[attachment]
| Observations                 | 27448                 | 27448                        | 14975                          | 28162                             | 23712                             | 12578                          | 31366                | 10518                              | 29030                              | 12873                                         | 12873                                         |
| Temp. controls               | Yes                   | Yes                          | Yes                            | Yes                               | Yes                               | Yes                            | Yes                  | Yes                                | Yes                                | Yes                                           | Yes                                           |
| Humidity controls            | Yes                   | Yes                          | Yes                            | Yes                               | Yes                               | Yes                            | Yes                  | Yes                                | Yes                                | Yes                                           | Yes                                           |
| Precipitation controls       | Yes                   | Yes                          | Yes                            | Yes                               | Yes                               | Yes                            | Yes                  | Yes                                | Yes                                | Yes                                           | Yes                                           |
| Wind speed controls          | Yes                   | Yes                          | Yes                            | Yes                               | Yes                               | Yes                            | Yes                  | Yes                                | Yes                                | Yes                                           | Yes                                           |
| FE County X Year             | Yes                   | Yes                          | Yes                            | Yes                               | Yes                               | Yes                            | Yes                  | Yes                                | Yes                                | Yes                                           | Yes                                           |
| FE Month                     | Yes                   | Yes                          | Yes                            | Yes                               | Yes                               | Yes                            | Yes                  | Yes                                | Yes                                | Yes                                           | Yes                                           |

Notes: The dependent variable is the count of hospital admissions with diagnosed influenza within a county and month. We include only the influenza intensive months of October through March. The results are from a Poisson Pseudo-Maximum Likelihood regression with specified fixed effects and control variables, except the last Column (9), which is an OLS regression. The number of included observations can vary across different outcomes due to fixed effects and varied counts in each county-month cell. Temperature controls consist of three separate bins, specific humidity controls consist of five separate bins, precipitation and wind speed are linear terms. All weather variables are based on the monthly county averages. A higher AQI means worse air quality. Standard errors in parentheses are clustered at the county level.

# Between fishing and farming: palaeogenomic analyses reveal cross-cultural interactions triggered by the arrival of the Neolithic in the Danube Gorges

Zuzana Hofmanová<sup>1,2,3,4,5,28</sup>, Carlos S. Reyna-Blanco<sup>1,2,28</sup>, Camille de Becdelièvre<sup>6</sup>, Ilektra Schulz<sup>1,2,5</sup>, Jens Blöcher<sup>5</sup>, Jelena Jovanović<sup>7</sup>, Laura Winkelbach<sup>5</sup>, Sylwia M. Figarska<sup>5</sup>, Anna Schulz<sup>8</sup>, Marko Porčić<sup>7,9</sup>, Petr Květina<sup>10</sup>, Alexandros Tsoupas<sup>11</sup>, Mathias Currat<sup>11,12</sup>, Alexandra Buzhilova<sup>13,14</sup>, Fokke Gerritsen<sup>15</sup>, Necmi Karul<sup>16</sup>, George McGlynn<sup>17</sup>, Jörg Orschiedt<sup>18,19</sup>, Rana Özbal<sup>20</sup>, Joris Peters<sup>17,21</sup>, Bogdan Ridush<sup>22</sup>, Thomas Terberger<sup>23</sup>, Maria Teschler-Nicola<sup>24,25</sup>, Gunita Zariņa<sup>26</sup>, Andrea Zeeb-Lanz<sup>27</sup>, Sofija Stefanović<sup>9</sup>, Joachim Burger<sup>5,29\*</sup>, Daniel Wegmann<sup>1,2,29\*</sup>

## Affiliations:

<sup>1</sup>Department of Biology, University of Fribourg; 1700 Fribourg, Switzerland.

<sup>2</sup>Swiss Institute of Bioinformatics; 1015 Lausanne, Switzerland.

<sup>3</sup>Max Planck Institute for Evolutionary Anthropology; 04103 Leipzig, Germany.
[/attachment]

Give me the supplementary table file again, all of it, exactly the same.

| Observations                 | 27448                 | 27448                        | 14975                          | 28162                             | 23712                             | 12578                          | 31366                | 10518                              | 29030                              | 12873                                         | 12873                                         |
| Temp. controls               | Yes                   | Yes                          | Yes                            | Yes                               | Yes                               | Yes                            | Yes                  | Yes                                | Yes                                | Yes                                           | Yes                                           |
| Humidity controls            | Yes                   | Yes                          | Yes                            | Yes                               | Yes                               | Yes                            | Yes                  | Yes                                | Yes                                | Yes                                           | Yes                                           |
| Precipitation controls       | Yes                   | Yes                          | Yes                            | Yes                               | Yes                               | Yes                            | Yes                  | Yes                                | Yes                                | Yes                                           | Yes                                           |
| Wind speed controls          | Yes                   | Yes                          | Yes                            | Yes                               | Yes                               | Yes                            | Yes                  | Yes                                | Yes                                | Yes                                           | Yes                                           |
| FE County X Year             | Yes                   | Yes                          | Yes                            | Yes                               | Yes                               | Yes                            | Yes                  | Yes                                | Yes                                | Yes                                           | Yes                                           |
| FE Month                     | Yes                   | Yes                          | Yes                            | Yes                               | Yes                               | Yes                            | Yes                  | Yes                                | Yes                                | Yes                                           | Yes                                           |

Notes: The dependent variable is the count of hospital admissions with diagnosed influenza within a county and month. We include only the influenza intensive months of October through March. The results are from a Poisson Pseudo-Maximum Likelihood regression with specified fixed effects and control variables, except the last Column (9), which is an OLS regression. The number of included observations can vary across different outcomes due to fixed effects and varied counts in each county-month cell. Temperature controls consist of three separate bins, specific humidity controls consist of five separate bins, precipitation and wind speed are linear terms. All weather variables are based on the monthly county averages. A higher AQI means worse air quality. Standard errors in parentheses are clustered at the county level.

# Between fishing and farming: palaeogenomic analyses reveal cross-cultural interactions triggered by the arrival of the Neolithic in the Danube Gorges

Zuzana Hofmanová<sup>1,2,3,4,5,28</sup>, Carlos S. Reyna-Blanco<sup>1,2,28</sup>, Camille de Becdelièvre<sup>6</sup>, Ilektra Schulz<sup>1,2,5</sup>, Jens Blöcher<sup>5</sup>, Jelena Jovanović<sup>7</sup>, Laura Winkelbach<sup>5</sup>, Sylwia M. Figarska<sup>5</sup>, Anna Schulz<sup>8</sup>, Marko Porčić<sup>7,9</sup>, Petr Květina<sup>10</sup>, Alexandros Tsoupas<sup>11</sup>, Mathias Currat<sup>11,12</sup>, Alexandra Buzhilova<sup>13,14</sup>, Fokke Gerritsen<sup>15</sup>, Necmi Karul<sup>16</sup>, George McGlynn<sup>17</sup>, Jörg Orschiedt<sup>18,19</sup>, Rana Özbal<sup>20</sup>, Joris Peters<sup>17,21</sup>, Bogdan Ridush<sup>22</sup>, Thomas Terberger<sup>23</sup>, Maria Teschler-Nicola<sup>24,25</sup>, Gunita Zariņa<sup>26</sup>, Andrea Zeeb-Lanz<sup>27</sup>, Sofija Stefanović<sup>9</sup>, Joachim Burger<sup>5,29\*</sup>, Daniel Wegmann<sup>1,2,29\*</sup>

## Affiliations:

<sup>1</sup>Department of Biology, University of Fribourg; 1700 Fribourg, Switzerland.

<sup>2</sup>Swiss Institute of Bioinformatics; 1015 Lausanne, Switzerland.

<sup>3</sup>Max Planck Institute for Evolutionary Anthropology; 04103 Leipzig, Germany.